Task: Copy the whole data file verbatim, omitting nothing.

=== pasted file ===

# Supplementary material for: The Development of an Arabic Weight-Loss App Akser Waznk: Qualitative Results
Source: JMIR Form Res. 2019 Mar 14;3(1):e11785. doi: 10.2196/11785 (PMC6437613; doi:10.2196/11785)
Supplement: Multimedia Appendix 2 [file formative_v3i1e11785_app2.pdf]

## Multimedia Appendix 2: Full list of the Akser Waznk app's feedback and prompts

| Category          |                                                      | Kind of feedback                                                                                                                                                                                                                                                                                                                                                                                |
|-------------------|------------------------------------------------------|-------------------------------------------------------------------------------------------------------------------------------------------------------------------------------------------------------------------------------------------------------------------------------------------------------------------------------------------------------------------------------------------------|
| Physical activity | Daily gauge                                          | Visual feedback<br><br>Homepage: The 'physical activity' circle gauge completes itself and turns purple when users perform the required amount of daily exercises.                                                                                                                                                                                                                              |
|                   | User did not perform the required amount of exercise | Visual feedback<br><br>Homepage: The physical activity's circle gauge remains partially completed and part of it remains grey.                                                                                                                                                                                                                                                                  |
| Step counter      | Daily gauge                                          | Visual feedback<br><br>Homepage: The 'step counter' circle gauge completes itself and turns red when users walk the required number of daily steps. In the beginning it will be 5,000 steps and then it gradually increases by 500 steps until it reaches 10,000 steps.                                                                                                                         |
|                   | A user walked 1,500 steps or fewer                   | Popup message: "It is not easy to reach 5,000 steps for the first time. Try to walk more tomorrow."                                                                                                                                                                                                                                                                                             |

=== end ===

# Supplementary material for: The Development of an Arabic Weight-Loss App Akser Waznk: Qualitative Results
Source: JMIR Form Res. 2019 Mar 14;3(1):e11785. doi: 10.2196/11785 (PMC6437613; doi:10.2196/11785)
Supplement: Multimedia Appendix 2 [file formative_v3i1e11785_app2.pdf]

## Multimedia Appendix 2: Full list of the Akser Waznk app's feedback and prompts

| Category          |                                                      | Kind of feedback                                                                                                                                                                                                                                                                                                                                                                                |
|-------------------|------------------------------------------------------|-------------------------------------------------------------------------------------------------------------------------------------------------------------------------------------------------------------------------------------------------------------------------------------------------------------------------------------------------------------------------------------------------|
| Physical activity | Daily gauge                                          | Visual feedback<br><br>Homepage: The 'physical activity' circle gauge completes itself and turns purple when users perform the required amount of daily exercises.                                                                                                                                                                                                                              |
|                   | User did not perform the required amount of exercise | Visual feedback<br><br>Homepage: The physical activity's circle gauge remains partially completed and part of it remains grey.                                                                                                                                                                                                                                                                  |
| Step counter      | Daily gauge                                          | Visual feedback<br><br>Homepage: The 'step counter' circle gauge completes itself and turns red when users walk the required number of daily steps. In the beginning it will be 5,000 steps and then it gradually increases by 500 steps until it reaches 10,000 steps.                                                                                                                         |
|                   | A user walked 1,500 steps or fewer                   | Popup message: "It is not easy to reach 5,000 steps for the first time. Try to walk more tomorrow."                                                                                                                                                                                                                                                                                             |